ASTA reported that two American tourists whose last names were given as Signorelli and Dickenson visited Vilnius from November 11 to November 13, 1984. She said that she accompanied them on a day-long city tour on November 12. They told her that they lived in a city near Los Angeles, California, and came to Vilnius to visit Signorelli’s relatives. Signorelli’s grandfather and grandmother were Lithuanian. He was born in Chicago in the Lithuanian immigrant community but did not speak the Lithuanian language. According to ASTA, Signorelli had some limited Russian proficiency. He met with his relatives in Vilnius and received a gift from them. ASTA meticulously reported that the gift was a handmade coverlet and that Signorelli would be required to provide the photograph of the gift to the Soviet Customs in order to take it out of the country.


Dickenson said that he had no family in Lithuania and was invited on this trip by his friend Signorelli. ASTA reported that they were both employed as engineers by a space research company in California. This is probably why they attracted so much interest from the KGB. However, neither Signorelli nor Dickenson would reveal to her the name of the company they worked for. Signorelli apparently tried to distract her by saying that there were many such companies in California. ASTA noted that Signorelli was more politically oriented in his questions. For instance, he asked why the Vilnius Cathedral was closed and what language is used in the Lithuanian educational system. According to ASTA, Dickenson was only interested in how restaurants were functioning in a socialist system.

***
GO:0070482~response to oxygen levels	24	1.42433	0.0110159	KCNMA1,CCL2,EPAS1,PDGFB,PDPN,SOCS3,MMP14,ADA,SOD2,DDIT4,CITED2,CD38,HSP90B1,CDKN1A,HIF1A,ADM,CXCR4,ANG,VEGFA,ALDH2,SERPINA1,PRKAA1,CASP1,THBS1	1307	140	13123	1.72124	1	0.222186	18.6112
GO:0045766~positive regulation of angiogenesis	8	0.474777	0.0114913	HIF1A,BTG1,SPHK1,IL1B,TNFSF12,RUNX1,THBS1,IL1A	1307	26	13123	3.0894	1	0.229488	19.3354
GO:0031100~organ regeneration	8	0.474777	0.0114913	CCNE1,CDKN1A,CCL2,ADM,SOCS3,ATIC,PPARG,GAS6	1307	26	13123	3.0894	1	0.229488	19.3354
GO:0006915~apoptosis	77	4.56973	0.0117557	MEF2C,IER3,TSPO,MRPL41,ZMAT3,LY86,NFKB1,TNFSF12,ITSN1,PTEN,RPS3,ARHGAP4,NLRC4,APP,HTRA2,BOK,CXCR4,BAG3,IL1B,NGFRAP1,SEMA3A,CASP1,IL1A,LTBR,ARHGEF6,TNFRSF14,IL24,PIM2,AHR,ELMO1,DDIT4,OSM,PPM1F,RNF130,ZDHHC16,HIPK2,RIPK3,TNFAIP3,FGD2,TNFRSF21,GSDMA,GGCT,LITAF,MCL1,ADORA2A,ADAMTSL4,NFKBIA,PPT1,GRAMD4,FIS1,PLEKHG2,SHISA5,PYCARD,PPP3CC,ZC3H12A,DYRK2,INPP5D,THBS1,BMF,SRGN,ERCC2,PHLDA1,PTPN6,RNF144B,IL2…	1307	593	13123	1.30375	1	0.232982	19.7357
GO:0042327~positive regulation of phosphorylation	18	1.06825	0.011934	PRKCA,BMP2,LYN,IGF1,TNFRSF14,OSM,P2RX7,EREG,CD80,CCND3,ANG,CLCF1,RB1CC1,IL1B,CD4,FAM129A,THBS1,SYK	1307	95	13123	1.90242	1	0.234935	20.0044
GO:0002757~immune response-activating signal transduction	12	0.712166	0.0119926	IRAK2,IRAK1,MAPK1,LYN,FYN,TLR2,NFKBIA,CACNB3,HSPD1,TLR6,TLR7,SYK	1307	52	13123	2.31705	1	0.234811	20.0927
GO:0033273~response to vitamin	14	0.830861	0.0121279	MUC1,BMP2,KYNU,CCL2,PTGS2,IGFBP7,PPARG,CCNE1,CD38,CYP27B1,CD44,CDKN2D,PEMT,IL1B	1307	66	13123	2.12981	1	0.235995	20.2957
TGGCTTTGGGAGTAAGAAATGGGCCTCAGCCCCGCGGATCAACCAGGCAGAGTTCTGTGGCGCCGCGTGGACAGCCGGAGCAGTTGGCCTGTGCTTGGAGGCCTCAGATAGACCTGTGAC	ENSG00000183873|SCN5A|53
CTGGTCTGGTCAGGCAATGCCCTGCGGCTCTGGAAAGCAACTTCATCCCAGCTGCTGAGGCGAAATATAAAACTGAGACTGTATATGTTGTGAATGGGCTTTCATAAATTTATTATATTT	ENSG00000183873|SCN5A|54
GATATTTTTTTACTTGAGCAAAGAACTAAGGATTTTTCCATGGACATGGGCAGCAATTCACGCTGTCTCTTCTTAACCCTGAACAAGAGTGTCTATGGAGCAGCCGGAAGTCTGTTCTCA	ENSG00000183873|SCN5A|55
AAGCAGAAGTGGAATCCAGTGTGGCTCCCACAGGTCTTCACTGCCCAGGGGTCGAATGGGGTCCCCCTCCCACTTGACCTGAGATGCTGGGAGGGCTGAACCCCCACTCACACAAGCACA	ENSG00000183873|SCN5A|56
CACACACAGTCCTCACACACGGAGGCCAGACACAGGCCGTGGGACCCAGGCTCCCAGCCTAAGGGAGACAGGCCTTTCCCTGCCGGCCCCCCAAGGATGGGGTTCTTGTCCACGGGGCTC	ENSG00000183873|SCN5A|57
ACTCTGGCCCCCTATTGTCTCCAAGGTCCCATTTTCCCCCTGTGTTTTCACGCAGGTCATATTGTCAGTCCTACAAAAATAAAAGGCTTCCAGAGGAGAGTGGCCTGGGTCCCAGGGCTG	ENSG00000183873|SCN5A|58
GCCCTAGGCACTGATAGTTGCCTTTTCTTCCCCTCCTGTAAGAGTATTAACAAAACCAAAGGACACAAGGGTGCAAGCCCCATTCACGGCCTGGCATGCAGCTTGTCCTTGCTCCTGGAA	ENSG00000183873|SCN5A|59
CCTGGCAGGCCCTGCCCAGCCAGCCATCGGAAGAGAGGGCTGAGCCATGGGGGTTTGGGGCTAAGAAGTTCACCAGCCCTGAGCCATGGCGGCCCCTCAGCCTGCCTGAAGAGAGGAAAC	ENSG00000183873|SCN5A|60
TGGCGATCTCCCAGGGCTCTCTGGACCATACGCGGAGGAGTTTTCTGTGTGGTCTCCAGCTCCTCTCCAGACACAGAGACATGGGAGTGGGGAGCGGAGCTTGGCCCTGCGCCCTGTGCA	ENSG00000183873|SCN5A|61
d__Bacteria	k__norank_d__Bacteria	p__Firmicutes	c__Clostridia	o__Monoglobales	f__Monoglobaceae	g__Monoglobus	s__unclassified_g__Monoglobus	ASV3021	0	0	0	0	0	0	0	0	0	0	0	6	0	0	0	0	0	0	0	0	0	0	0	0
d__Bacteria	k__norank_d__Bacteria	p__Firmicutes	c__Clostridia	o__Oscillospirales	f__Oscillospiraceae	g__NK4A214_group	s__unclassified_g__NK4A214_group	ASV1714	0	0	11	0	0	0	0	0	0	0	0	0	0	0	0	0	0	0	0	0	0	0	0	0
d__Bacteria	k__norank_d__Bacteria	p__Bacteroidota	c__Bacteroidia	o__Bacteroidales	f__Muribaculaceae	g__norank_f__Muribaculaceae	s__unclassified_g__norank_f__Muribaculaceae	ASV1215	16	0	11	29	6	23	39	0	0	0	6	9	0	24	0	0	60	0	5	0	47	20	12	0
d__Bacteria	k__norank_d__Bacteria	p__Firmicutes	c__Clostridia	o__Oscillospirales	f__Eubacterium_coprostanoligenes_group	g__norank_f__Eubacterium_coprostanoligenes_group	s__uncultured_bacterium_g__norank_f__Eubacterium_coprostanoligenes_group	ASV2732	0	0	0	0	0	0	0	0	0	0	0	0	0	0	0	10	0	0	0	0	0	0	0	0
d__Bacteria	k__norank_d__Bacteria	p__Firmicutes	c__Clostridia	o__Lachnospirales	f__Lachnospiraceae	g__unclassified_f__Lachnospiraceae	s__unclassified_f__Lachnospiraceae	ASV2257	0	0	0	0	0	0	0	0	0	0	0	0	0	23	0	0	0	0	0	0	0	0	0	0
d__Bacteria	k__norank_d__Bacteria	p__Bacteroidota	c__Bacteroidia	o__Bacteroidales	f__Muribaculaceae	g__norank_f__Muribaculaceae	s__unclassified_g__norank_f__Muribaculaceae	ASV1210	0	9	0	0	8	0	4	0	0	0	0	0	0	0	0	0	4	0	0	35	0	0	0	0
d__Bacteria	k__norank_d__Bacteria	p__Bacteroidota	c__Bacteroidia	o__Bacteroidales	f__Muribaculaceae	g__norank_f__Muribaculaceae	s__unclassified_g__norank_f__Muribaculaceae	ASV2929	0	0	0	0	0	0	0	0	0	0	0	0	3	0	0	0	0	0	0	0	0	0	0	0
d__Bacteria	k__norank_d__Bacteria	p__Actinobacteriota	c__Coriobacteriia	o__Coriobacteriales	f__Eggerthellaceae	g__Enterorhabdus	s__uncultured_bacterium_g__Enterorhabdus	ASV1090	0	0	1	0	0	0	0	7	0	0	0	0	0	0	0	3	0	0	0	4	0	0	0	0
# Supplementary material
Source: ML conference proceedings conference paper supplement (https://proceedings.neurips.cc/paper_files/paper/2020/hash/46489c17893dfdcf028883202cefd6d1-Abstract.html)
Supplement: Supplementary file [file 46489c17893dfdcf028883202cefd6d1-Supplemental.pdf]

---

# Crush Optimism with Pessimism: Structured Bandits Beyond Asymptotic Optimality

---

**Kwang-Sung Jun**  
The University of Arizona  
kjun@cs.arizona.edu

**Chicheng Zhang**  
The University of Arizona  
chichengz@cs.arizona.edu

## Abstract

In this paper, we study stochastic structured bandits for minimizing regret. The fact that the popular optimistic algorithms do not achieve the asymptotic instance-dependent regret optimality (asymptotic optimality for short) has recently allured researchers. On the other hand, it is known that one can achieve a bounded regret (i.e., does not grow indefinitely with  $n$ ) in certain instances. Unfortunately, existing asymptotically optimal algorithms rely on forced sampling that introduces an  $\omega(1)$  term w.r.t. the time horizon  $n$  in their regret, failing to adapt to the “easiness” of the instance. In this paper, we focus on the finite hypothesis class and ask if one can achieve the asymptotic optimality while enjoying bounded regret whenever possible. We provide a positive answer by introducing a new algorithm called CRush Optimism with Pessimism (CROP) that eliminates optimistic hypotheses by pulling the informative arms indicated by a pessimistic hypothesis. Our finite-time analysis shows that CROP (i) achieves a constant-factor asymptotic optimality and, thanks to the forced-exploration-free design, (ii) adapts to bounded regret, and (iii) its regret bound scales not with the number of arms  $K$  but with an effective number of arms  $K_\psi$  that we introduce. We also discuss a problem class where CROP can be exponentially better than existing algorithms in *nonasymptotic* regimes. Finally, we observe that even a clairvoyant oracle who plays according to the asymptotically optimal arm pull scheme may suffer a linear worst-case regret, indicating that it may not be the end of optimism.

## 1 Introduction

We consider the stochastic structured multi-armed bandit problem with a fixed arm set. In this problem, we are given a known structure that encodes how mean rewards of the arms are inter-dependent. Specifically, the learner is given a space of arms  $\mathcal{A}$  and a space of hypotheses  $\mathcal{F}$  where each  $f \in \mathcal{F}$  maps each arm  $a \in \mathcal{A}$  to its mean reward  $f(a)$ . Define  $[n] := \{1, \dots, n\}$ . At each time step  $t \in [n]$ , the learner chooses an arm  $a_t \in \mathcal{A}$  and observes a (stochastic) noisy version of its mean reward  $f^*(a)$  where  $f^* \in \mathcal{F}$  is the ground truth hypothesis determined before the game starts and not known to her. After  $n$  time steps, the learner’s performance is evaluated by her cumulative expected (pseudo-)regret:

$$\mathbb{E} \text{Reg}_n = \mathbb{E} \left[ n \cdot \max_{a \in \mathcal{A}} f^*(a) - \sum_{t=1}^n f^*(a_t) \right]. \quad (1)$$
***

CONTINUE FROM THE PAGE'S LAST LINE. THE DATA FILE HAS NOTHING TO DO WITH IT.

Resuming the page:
ASTA stated that she inquired about the tourists’ political views. They told her that they voted in the 1984 U.S. presidential elections before leaving for the Soviet Union. Dickenson admitted that he voted for Ronald Reagan. Signorelli avoided answering ASTA’s question but claimed that his choice was neither Ronald Reagan nor Walter Mondale. ASTA tried to ascertain how Signorelli and Dickenson felt about the potential improvements in the U.S-Soviet relations. She repeated the official Soviet line that it was necessary for the U.S. side to accept the Soviet offer to sit down at the negotiating table. Neither Signorelli nor Dickenson seemed to have been swayed by her arguments. ASTA noted that Signorelli replied “with a sneer” that positive relations between the U.S. and the Soviet Union were the stuff of the 1940s.